I began my journey to Judaism nervously. Unlike the Charedim (ultra-Orthodox) who are anxious before the word of God, I was anxious in the uncertainty of the future.
Inspired by Stan, our congregation's 83-year-old bar mitzvah boy, I’m thinking that I may not wait until I turn 83 to recreate some part of my entry into adulthood, according to Jewish tradition, on an upcoming Friday night.
In 2010, I watched two dynamic Argentine cantors, Gaston Bogomolni and Ari Litvak, create an incredible Shabbat evening service called “Davenin’ La Vida Loca,” which translates loosely as “Praying the Crazy Life.” Filled with music in the Argentinean style of Friday night worship, together with compositions from Latin American composers, the worship was so well received that Bogomolni and Litvak were commissioned to create a series of Latin American anthologies. The first one, Ruach Hadarom, Anthology of Congregational Melodies from Latin America, Volume I: Shabbat, will be available soon, with anthologies for the High Holidays, festivals, and weddings to follow.
I ask you, is this a sheyn punim (a pretty face)? I’ve been dying to say those words for the past four years, ever since I came to China to work as a teacher of oral English at Nanyang Normal University.
In the midst of the water crisis here in Flint, MI, Shapiro’s Delicatessen of Indianapolis – purveyors of exceptional Jewish foods since 1905 – traveled 300 miles to deliver a “We stand with you” meal to Flint’s Jewish community on the last Shabbat in January.
I’ve often been taught that as the people of Israel, named after our forefather, we are meant to struggle with God. It just never occurred to me that could include the struggle to remain upright.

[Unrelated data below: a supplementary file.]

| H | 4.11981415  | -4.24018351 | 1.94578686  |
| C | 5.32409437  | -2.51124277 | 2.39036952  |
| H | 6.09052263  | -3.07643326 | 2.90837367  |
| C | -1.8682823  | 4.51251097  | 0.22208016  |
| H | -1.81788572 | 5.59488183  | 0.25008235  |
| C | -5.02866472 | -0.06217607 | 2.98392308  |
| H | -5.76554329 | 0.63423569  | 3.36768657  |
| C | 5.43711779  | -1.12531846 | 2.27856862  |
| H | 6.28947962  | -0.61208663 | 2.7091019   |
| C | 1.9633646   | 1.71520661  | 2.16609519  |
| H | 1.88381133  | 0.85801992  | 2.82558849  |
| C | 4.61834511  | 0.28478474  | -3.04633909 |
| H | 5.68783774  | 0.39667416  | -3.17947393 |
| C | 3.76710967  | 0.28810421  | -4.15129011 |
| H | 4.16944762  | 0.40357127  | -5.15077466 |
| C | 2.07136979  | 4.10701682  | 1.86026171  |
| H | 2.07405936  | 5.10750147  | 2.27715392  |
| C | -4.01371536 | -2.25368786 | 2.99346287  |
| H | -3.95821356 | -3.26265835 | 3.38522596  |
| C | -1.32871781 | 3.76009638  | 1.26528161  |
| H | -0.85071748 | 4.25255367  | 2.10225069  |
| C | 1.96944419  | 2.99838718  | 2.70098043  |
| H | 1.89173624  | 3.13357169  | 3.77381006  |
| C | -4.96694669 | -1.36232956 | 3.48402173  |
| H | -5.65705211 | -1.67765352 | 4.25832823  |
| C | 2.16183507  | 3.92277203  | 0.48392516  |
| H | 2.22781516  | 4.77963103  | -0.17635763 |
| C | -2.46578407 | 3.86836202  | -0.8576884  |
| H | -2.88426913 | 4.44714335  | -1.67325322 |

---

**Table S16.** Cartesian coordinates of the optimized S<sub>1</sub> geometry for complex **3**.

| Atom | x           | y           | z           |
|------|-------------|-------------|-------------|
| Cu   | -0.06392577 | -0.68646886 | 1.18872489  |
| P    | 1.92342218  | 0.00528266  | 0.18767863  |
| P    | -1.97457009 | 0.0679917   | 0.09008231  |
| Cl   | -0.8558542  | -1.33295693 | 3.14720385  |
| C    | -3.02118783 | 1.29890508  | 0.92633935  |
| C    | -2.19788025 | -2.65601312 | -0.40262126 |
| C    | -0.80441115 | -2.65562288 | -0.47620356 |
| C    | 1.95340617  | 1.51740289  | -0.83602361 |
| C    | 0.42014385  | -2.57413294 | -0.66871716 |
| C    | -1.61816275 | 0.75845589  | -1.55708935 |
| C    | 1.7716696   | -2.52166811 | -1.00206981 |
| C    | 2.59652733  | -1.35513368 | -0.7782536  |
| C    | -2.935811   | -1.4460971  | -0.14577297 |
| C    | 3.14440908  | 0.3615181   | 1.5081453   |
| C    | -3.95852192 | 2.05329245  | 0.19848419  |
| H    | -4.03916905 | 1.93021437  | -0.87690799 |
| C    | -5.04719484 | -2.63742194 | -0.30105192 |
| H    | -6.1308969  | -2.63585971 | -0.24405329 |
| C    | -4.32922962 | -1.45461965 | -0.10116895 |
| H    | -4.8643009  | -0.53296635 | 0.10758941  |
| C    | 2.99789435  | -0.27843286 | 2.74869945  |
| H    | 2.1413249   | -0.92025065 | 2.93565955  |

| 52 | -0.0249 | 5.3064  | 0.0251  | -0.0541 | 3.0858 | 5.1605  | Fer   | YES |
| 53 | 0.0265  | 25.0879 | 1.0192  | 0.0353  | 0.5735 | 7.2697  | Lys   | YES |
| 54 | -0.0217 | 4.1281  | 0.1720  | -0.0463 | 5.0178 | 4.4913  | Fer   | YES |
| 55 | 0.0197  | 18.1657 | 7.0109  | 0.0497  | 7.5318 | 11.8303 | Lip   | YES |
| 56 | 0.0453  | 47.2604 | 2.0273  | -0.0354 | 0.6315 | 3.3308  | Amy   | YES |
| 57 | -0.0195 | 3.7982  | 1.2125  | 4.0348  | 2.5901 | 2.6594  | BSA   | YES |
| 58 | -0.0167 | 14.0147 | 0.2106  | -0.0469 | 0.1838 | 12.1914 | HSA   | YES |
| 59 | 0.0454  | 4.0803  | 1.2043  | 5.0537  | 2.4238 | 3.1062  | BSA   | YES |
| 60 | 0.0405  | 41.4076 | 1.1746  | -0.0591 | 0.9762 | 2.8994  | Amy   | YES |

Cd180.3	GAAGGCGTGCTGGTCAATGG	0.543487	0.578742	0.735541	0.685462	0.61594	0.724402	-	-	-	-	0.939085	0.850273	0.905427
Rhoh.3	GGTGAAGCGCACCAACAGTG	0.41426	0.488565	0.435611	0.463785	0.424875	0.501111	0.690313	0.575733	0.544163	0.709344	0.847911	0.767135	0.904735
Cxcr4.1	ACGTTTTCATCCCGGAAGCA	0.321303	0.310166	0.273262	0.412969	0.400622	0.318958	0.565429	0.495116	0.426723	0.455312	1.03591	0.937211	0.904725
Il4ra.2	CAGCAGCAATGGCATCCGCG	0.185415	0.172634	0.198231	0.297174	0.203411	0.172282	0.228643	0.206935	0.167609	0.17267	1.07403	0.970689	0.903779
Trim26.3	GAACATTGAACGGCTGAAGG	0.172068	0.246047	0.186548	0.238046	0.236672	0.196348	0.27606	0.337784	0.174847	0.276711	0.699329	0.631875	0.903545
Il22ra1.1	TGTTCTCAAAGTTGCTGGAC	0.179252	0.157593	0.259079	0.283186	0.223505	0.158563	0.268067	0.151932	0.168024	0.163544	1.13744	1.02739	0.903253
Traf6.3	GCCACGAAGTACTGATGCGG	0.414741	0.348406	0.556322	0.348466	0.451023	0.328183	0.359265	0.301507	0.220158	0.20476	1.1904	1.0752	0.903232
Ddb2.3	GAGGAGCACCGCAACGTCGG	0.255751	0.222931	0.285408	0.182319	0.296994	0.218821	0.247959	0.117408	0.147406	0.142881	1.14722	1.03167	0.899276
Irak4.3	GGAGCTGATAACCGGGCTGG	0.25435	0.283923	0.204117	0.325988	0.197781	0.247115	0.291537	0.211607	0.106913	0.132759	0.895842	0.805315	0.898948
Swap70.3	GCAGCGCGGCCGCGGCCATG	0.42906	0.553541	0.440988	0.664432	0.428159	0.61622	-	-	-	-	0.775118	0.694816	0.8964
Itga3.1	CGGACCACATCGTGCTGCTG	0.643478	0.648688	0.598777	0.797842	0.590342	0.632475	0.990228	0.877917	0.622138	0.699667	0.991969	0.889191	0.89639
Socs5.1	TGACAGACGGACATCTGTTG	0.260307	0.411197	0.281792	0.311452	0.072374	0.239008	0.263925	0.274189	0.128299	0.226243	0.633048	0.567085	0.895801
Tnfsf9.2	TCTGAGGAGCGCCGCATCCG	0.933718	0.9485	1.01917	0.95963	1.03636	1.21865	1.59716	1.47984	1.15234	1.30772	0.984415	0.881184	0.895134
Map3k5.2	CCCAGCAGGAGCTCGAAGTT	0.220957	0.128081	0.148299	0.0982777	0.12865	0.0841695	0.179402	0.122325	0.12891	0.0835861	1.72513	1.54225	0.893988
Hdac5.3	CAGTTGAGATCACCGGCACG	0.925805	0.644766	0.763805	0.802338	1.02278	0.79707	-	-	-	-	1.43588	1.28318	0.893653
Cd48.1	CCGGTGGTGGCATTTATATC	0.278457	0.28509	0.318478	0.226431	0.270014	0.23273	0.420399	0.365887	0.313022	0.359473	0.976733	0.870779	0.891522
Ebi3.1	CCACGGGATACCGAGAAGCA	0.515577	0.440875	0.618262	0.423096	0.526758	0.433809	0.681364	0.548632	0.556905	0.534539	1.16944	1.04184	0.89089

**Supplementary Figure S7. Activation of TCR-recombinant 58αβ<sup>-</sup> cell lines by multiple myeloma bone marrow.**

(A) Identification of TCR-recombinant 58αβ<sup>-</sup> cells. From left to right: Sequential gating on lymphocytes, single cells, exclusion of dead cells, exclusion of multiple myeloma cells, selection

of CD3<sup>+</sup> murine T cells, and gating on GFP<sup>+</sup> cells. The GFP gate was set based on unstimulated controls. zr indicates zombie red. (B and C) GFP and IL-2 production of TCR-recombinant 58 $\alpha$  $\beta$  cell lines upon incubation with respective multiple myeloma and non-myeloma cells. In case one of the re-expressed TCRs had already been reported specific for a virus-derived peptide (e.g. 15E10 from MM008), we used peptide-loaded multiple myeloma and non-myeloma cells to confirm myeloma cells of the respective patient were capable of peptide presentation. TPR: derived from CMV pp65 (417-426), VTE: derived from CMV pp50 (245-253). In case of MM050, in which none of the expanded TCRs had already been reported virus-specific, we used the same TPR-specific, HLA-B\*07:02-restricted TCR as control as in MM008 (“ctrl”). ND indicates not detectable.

Most of us are looking for simple ways to re-center ourselves and our lives, and ReformJudaism.org's new weekly podcast is designed to help you do just that.
In the game “Truth-or-Dare,” I choose “truth” nearly every time. I’m not much of a dare-taker. Thus, if you and I were playing “Special Edition Truth-or-Dare: High Holy Days,” I would confess that the prayer Avinu Malkeinu provides me with both my second-favorite liturgical moment and my second-greatest pet peeve of the year’s liturgy. (Note: Even though I may have to repent for it, I will leave you in suspense about my favorite liturgical moment and my greatest liturgical pet peeve. Also, “Special Edition Truth-or-Dare: High Holy Days” is fictional, although I hereby declare copyright in the event Mattel or Hasbro comes knocking at my door.)
This week's Torah portion, Ki Tisa, interrupts the description of the building of the Tabernacle with a long narrative section that includes the story of the Golden Calf, the smashing of the Ten Commandments, the carving of the second set of tablets, and — although perhaps less famously — the most chutzpadik (impertinent) question in the whole Torah.
The question comes after Moses has negotiated twice with God on behalf of the Israelites: first, with moderate success, when he asks God to forgive the people for the sin of the idolatrous Golden Calf; and second, when he successfully convinces God to lead the Israelites along the next stage of their journey.
But Moses' next negotiation with God is not on behalf of the Israelites, but for himself. Out of the blue, it seems, just as God has acceded to his second request, Moses speaks up again. "Oh, let me behold Your Presence!" he says to God (Exodus 33:18).